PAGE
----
Quality is a recurrent theme of corporate identity. "Quality is our goal" they will say, or "quality moves us". I don't mean that this is actually true. It isn't true. In actual reality market share is our corporate goal and status is what motivates us individually. Never mind; quality is a desideratum of the paying public, and therefore quality is a tool of interest to the corporations, and therefore it remains a topic of recurrent concern.
One thing I've noticed in my sojourn as a corporate lackey is that the heat and noise given to the topic of quality doesn't seem to be proportionate to changes in actual quality. This has appeared to be true at least in my own area of speciality, computer programming.
I should add that saying actual quality in this context is a bit of a misnomer simply because it has been difficult to identify any observable quantity that reliably correlates with any agreed-upon quality of computer software. In other words, in actual practice we can't measure quality. This problem is somewhat less acute in manufacturing areas because there are measurable attributes of manufactured products (such as weight, content, flexural strength, and so on) which do in fact correlate, at least in part, with generally accepted concepts of quality.
Generally, in the computer programming area, quality has been addressed (with limited impact) by trying to get the company's programmers (i) to use the same coding style as used by some particular programmers at the same company or at the consulting company which was hired to "fix" the problem or at some other company with whom the consulting company has previously worked, and (ii) by putting all the resulting code through various kinds of reviews in which some second person (who has their own work to do) might possibly spot some flaw in the programmer's code.
I've pointed out in the past (with limited impact) that the biggest advantage of performing reviews is that it forces the original programmer to organize the work more carefully and to think it through well enough that it can be shown to someone else. The second biggest advantage of the reviews can be a sharing of knowledge and experience.
The biggest actual impact of most reviews is to take people away from useful work to sit in meetings; the second largest impact is often to discourage innovation, creativity, and any technique which isn't immediately obvious. This may have the benefit of reducing wildly unexpected failures by at the cost of precluding dramatic successes. The typical result is uniformly low quality programs.
Now the question is why this should be the case. Why don't these measures actually increase quality? There are many reasons, but I only want to comment on the one that I finally recognized this week.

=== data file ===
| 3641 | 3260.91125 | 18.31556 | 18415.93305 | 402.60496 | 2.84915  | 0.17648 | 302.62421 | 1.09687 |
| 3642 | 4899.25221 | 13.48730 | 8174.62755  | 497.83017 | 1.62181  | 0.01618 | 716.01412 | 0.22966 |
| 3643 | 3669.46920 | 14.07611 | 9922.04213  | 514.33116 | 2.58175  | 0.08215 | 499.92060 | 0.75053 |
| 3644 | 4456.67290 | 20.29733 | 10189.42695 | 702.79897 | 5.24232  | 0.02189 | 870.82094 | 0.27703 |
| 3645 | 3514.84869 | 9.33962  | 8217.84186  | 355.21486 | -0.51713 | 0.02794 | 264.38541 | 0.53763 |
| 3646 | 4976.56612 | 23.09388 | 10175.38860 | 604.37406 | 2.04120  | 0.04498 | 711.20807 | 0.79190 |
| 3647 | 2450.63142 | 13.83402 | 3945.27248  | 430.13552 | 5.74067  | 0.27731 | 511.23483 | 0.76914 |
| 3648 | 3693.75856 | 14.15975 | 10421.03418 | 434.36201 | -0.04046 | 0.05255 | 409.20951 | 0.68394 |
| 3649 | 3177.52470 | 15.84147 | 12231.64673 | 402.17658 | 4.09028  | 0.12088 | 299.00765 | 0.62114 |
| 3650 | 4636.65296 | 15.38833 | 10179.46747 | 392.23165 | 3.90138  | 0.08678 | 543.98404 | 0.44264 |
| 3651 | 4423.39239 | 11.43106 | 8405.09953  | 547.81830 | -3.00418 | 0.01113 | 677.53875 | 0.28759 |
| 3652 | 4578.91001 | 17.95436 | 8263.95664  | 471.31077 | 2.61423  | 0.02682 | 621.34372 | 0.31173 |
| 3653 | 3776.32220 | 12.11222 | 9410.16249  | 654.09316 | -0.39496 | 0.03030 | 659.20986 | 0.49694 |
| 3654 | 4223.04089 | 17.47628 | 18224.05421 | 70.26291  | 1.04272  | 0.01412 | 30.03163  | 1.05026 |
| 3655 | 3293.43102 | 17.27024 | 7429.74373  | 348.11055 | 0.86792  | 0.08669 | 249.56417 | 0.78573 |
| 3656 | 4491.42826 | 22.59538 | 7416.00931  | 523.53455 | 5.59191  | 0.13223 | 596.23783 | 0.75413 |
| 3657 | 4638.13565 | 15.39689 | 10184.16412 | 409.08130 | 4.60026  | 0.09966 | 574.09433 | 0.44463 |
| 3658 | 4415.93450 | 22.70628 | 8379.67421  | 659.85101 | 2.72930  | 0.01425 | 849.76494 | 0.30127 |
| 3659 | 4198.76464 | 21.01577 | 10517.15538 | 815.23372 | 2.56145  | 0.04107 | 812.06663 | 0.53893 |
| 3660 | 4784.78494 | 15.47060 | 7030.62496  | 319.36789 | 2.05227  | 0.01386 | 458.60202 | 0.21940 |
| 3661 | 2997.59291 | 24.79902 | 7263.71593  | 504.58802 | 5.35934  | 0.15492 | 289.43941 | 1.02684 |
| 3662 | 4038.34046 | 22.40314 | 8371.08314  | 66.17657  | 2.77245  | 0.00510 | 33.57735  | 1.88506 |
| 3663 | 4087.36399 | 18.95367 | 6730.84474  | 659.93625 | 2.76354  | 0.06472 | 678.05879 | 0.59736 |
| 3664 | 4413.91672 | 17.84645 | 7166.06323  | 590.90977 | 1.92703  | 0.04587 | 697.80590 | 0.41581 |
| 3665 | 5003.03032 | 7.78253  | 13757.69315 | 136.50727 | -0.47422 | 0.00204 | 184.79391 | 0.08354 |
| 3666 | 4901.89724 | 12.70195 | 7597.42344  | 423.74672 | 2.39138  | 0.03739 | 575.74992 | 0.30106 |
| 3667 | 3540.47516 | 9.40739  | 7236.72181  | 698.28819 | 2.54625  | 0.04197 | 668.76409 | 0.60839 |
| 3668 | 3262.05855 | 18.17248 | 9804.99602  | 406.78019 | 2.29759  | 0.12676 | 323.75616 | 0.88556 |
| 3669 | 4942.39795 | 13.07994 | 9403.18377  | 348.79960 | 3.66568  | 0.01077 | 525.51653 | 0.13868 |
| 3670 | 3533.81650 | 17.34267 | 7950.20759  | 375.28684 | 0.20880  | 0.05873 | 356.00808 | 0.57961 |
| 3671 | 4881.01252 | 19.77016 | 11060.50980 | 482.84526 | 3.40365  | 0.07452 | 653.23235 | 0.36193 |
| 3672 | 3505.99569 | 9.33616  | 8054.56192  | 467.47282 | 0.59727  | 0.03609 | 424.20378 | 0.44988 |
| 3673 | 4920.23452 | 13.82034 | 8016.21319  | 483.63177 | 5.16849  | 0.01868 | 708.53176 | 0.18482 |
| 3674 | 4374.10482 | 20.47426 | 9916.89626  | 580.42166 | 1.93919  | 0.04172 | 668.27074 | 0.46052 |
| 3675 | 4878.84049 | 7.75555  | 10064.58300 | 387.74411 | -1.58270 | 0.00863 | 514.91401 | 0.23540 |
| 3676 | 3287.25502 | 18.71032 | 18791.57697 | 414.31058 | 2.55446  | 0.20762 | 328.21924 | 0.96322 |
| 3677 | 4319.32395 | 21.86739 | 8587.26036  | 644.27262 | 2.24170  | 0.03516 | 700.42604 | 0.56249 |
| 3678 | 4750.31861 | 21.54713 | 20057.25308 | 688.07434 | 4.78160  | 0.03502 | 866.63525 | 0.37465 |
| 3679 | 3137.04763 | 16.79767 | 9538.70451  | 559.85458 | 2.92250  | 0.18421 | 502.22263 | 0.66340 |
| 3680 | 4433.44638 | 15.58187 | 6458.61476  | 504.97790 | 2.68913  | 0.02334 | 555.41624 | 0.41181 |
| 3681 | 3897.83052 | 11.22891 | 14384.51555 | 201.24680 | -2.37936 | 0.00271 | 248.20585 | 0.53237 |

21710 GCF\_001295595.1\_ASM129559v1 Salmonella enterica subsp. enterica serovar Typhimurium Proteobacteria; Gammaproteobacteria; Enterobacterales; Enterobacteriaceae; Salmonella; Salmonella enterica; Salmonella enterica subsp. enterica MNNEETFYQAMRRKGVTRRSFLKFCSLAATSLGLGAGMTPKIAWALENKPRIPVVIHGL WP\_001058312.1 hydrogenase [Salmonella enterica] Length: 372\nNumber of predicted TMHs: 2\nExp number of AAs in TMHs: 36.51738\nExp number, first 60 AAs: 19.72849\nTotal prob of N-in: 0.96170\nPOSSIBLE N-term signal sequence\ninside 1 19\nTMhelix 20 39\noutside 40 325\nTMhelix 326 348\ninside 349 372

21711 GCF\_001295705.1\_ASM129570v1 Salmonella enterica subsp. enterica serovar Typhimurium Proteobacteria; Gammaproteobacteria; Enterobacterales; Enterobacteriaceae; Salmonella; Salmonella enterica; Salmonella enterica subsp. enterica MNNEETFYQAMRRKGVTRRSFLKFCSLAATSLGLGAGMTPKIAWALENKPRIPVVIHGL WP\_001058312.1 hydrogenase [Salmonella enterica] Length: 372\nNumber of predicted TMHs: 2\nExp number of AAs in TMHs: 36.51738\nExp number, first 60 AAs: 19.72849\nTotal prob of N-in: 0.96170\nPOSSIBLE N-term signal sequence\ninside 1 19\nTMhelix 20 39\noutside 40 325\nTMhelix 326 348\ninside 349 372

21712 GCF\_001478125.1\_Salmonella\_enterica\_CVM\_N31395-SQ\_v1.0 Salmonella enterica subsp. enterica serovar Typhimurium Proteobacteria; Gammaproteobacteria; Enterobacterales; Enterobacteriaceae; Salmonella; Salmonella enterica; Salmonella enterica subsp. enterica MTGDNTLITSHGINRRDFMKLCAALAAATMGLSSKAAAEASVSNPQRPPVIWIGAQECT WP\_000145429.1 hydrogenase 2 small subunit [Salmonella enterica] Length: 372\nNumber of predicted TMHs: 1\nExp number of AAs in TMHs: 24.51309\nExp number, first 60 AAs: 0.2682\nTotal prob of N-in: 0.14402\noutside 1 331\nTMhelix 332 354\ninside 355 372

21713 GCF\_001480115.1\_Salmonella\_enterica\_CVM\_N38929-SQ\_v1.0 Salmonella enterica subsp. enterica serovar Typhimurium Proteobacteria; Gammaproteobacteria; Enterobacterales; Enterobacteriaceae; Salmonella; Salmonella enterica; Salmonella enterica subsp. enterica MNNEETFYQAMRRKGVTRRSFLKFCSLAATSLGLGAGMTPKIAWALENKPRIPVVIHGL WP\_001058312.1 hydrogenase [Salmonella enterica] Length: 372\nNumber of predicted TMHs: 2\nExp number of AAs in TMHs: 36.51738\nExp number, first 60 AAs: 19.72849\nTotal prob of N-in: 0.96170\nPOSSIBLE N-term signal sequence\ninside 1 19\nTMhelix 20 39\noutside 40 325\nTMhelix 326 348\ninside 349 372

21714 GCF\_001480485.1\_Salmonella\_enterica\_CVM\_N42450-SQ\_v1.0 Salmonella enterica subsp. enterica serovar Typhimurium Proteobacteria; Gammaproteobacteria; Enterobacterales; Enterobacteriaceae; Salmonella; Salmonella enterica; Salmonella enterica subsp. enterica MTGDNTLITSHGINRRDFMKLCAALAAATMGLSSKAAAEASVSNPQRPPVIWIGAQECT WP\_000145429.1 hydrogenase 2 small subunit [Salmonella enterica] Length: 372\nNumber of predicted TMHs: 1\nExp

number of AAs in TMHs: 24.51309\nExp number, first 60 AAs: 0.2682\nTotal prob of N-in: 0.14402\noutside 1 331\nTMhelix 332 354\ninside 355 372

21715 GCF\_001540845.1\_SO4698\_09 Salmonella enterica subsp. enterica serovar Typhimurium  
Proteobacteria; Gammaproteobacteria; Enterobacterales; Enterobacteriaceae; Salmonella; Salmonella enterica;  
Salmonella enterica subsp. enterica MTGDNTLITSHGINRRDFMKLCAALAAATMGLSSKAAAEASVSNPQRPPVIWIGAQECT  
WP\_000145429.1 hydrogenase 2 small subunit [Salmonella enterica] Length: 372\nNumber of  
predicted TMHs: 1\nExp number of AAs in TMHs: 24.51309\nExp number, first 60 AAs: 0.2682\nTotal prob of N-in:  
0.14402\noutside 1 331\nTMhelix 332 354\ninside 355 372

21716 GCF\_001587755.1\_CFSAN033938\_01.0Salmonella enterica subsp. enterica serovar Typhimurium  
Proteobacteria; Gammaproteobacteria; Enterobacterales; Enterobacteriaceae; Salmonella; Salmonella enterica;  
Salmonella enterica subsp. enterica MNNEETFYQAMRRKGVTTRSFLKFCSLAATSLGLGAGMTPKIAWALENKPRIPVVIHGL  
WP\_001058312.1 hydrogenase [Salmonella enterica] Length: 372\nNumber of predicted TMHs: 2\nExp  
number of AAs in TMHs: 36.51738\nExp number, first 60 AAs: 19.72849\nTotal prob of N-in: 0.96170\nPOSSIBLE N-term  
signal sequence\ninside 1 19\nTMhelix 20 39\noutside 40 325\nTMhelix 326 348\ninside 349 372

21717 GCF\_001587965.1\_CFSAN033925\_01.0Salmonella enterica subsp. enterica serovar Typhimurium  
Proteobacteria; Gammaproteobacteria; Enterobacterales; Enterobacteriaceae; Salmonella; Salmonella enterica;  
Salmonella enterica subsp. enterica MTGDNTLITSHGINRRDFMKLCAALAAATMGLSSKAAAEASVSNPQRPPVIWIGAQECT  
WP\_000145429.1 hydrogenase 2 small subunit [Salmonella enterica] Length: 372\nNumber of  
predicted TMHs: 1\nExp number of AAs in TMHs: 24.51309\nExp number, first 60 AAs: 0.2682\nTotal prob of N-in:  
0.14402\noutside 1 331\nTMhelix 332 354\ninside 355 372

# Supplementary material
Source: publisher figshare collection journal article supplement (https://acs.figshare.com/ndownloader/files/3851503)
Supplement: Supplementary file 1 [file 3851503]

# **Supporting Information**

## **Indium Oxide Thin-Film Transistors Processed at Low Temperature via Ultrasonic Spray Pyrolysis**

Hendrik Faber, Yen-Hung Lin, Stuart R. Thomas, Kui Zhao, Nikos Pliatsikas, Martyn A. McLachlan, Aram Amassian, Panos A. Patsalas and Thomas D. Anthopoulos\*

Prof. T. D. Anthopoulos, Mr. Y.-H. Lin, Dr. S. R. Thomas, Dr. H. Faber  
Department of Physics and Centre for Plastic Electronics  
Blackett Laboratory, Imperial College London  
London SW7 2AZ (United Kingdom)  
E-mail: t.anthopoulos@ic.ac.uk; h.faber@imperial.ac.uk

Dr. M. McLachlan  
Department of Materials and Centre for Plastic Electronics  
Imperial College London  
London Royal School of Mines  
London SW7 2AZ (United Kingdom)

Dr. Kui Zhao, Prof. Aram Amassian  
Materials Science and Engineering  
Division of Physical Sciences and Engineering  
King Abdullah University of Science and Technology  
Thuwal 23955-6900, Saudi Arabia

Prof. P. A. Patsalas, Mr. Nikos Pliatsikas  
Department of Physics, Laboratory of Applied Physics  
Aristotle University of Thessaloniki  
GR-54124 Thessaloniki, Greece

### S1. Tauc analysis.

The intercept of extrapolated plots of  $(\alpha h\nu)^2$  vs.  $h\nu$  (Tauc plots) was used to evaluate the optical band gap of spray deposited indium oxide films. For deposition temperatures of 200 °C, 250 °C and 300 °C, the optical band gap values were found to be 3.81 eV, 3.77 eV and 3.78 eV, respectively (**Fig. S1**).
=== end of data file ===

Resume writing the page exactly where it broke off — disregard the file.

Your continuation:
Increasing quality is a social process. This was already implicit in my earlier observations, but it wasn't explicitly conscious in my statement of them. Having your work visible to other people automatically makes the entire development process a social process. It is this social aspect that drives you to do a better job, so that these other people will approve of your work. This is why I would say that it isn't what happens in the review itself that is so important, but rather the fact that the review will happen.
If we can go beyond that to initiate a real conversation among the developers, that very sharing of knowledge and experience which I mentioned in my earlier observations, then we have advanced the sociality of quality even more. In the first level, there was observation and approval (or, of course, the danger of condemnation). In the next level, there is a back-and-forth exchange of ideas. Such a conversation can be continued and expanded, at least in principle, beyond the immediate group of colleagues to encompass sharing among larger groups.
This seldom happens. Why? In large part, I think, because the people charged with quality improvement have no special competence in the area of social interactions. They don't know how to initiate or maintain such wide-ranging conversations. Instead, the corporate managers assign quality improvement to highly technical people who seldom engage in broad conversation. Or the task is assigned to outsiders, either consultants or recent MS grads, who don't have a good grasp of the existing social structures. In either case, the actual reality is that social networks are damped rather than cultivated.
But increasing quality is a social process and if the social networks are diminished it follows that quality is very likely to diminish as well. From this point of view, it may be only the remarkable resiliance of workplace social relationships which prevents the total collapse of software quality in the face of a new corporate quality initiative.